This was originally published on the Blogger-hosted version of this blog.
[Keyword: journalism, online journalism, video journalism].
I find it disappointing that as newspapers rush to embrace the online medium, the one recurring theme is ‘video journalism’. The Telegraph’s move to a new multimedia hub will involve intensive training in video production for print journalists, and the newspaper’s Executive Editor (Pictures) sees the future of the editorial photographer’s trade as being video (a perspective echoed by the Washington Post); The Guardian have recently announced that original video from the group’s production company, Guardian Films, will be edited for use on the web; The Times are sourcing video news from ITN; and Vogue, among many other magazines (including Stuff), are launching their own TV channel. Even The Sun now has a video version of Deirdre’s Photo Casebook.
Now Trinity Mirror is reported to be planning to increase the numbers of video journalists working across its regional titles as it relaunches its websites. Curiously, Trinity’s editorial director is quoted as saying “we’re basing the new website design on interactivity,” and yet video is, if anything, even less interactive than print. You cannot scan-read a video; you cannot skip to the last paragraph, or the curious subheading.
The rush to online is becoming a rush to a form of TV which just happens to be broadcast on the web. And in that rush, newspapers are in danger of not exploiting the real benefits of the web: giving users control; providing extra information and context that wouldn’t fit in a print (or video) version of the story; creating communities between readers, or a forum for them to express their knowledge and opinions; communicating complex concepts in a way that can’t be done with words alone; engaging the reader through innovative formats, or by connecting them directly with interviewees.It appears that newspaper executives used to a lecturer-audience relationship are choosing the options that challenge that least: video; podcasts – “we talk, you listen”. The most control users have is over where they listen, or watch.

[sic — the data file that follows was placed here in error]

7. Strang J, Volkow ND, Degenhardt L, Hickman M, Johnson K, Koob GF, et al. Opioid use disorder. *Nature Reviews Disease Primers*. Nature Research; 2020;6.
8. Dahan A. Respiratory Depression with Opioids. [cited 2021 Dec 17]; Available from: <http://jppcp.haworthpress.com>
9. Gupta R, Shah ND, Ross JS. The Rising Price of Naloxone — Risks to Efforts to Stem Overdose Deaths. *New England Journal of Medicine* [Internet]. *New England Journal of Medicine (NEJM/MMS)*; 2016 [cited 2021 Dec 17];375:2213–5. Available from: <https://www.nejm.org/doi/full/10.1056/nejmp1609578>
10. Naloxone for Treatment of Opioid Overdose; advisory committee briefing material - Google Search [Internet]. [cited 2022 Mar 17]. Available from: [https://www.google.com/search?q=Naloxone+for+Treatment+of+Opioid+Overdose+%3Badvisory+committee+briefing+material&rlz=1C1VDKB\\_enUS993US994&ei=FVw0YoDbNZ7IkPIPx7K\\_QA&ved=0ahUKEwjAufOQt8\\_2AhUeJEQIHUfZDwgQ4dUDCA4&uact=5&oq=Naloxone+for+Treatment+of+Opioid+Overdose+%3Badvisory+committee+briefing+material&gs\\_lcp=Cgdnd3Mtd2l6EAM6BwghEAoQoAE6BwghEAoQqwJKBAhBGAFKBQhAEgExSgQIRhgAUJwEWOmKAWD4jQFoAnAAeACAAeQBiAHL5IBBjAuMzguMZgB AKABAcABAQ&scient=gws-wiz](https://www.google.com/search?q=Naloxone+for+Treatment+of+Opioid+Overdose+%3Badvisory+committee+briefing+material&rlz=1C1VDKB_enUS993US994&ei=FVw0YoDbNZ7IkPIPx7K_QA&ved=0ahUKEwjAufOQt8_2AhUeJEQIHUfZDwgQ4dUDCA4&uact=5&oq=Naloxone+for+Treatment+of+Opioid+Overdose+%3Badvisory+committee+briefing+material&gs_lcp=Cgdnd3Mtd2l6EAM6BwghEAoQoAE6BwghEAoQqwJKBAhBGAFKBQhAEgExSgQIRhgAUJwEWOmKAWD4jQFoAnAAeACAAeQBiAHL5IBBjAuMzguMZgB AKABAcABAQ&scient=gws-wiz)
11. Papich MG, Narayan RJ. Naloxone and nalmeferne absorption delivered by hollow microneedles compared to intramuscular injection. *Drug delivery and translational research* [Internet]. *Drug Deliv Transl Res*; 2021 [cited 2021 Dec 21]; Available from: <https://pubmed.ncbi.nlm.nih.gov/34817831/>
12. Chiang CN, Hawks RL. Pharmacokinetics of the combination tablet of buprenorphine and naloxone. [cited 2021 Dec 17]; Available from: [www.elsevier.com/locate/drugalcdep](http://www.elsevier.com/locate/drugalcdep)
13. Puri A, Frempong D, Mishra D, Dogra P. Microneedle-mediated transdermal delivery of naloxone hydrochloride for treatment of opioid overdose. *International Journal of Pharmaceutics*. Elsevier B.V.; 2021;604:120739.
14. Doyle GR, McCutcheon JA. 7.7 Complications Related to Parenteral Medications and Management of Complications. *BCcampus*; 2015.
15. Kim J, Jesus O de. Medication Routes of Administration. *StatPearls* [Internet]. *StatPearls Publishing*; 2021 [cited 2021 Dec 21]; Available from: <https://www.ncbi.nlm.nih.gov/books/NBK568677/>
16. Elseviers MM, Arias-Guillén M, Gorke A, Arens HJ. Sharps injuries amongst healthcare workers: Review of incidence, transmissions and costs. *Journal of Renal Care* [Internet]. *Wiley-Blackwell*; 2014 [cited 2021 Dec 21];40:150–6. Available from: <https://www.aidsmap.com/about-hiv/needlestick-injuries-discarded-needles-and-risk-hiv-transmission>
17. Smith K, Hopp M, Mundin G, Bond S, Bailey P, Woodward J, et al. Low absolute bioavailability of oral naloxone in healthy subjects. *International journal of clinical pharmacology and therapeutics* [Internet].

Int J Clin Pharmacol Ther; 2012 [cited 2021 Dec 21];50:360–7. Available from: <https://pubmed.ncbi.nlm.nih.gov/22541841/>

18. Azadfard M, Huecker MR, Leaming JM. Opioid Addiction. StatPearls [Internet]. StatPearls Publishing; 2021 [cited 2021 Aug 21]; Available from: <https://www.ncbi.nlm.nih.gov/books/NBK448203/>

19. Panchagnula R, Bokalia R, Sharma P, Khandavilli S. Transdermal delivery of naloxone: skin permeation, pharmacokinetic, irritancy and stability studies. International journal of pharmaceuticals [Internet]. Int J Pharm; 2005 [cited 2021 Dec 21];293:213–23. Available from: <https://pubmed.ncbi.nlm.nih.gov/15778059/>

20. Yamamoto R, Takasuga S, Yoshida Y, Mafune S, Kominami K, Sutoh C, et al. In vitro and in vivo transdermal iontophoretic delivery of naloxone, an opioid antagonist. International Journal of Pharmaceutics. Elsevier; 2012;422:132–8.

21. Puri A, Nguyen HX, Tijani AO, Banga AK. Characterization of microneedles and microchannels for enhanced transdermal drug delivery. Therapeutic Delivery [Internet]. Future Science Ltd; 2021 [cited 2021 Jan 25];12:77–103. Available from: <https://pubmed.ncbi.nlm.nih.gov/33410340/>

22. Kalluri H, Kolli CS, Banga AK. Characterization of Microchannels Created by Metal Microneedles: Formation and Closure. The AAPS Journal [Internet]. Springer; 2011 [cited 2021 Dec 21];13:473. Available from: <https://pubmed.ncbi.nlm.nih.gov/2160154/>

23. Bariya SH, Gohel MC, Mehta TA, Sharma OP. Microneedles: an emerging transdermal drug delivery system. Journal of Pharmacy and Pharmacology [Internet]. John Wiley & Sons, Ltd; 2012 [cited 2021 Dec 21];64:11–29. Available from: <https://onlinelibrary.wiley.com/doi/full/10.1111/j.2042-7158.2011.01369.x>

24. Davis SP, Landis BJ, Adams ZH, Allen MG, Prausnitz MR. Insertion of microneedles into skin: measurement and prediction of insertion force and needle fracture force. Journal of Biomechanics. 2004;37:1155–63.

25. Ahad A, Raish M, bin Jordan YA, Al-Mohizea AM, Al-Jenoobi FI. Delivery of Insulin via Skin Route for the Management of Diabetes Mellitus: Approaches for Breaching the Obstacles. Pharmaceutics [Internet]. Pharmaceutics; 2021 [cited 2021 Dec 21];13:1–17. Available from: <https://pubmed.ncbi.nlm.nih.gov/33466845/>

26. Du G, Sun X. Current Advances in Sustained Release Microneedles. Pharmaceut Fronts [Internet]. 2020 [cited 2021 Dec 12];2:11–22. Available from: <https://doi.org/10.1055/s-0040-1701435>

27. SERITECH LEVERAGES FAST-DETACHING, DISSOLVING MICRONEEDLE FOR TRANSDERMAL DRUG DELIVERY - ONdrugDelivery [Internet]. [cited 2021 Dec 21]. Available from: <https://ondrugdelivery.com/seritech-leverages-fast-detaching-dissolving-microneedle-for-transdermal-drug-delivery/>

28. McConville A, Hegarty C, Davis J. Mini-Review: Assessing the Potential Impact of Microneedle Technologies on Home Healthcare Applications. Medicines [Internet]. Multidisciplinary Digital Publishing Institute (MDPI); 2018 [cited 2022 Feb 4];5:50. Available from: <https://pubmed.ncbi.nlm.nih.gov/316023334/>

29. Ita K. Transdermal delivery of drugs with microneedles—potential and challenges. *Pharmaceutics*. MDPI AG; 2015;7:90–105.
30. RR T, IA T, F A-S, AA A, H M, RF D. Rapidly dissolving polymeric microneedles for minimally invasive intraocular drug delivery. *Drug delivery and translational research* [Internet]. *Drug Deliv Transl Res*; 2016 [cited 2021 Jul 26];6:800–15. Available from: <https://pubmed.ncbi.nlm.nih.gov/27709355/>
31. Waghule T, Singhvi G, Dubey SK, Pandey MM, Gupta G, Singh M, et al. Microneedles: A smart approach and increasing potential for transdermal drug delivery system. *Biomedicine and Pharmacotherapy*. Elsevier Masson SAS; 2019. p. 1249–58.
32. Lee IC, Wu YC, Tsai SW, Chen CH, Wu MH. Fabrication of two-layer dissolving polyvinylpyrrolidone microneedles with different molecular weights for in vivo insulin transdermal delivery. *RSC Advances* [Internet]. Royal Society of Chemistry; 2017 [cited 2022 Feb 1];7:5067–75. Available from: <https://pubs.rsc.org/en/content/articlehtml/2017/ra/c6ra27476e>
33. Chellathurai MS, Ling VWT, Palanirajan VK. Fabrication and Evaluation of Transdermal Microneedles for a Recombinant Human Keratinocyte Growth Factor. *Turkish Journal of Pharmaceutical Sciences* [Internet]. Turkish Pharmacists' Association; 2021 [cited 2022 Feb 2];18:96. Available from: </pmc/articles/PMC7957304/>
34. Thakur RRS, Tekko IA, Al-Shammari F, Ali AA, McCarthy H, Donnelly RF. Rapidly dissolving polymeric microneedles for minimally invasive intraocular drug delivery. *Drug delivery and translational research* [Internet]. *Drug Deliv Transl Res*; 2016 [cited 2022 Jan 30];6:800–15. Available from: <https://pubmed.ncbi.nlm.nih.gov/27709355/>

Perhaps the genuine interactivity that the BBC and Guardian have done so well for years represents too much of a paradigm shift for their competitors – a change in thinking about how we tell stories. I only hope that the current changes in print don’t stop at filming the sports editor reading out his latest scoop.
You raise some interesting points, but i think you’ve forgotten one of the core benefits of video on the net, it knows no boundaries. It is not restricted to the conventional shape and form of tv news and there is so much more to learn, we are only at the beginning of exploring the full potential of online broadcasting. The net can take video journalism to the world, and surfers can experience events and stories not just through words, but through vision and sound… as the saying goes- ‘a picture tells a thousand words!’ I think you are right in that there will always be a place for print, but if we can give people video footage, their understanding and capacity to respond to, and analyse history and events will only be improved. Also, the interactivity of online video doesn’t simply stop with the fact it’s available, but many servers, in particular news services, encourage people to respond to video’s through blogs, email and comments such as this- and is that not achieving your goal for people to engage in more thought and analysis?
I’m all for change and i think if news oganisation and servers dont keep up wih the demand for new and fresh multimedia content they’ll loose their traffic… and it could just be to that kid next door producing homemade reports from his video phone!
Basically it’s true that humans have a natural instinct for curisity. Trying out video and seeing how far we can push it is all part of this process. Utimately i think the phase of flash players and video links will pass and get replaced by something more advanced, but letters and words will continue to out live it all, it is one of the most timeless, yet challenging methods of communication.
Thanks for your response. Since I wrote this I have changed my mind about online video – done badly it is still terrible, but papers are picking up and doing some great stuff. Am working on a new post.
Pingback: Nachrichtenfluss » Blog Archive » 1000 Dinge die ich über das Bloggen gelernt habe
Pingback: A handy list to read to myself on the bus each morning at Sean Yeomans Consulting
Pingback: 99 conclusiones acerca de los blogs y la blogosfera
Pingback: 1000 things I’ve learned about blogging | Online Journalism Blog
Pingback: Ten ways journalism has changed in the last ten years (Blogger’s Cut) | Online Journalism Blog
Really well-put and insightful. Thanks for sharing!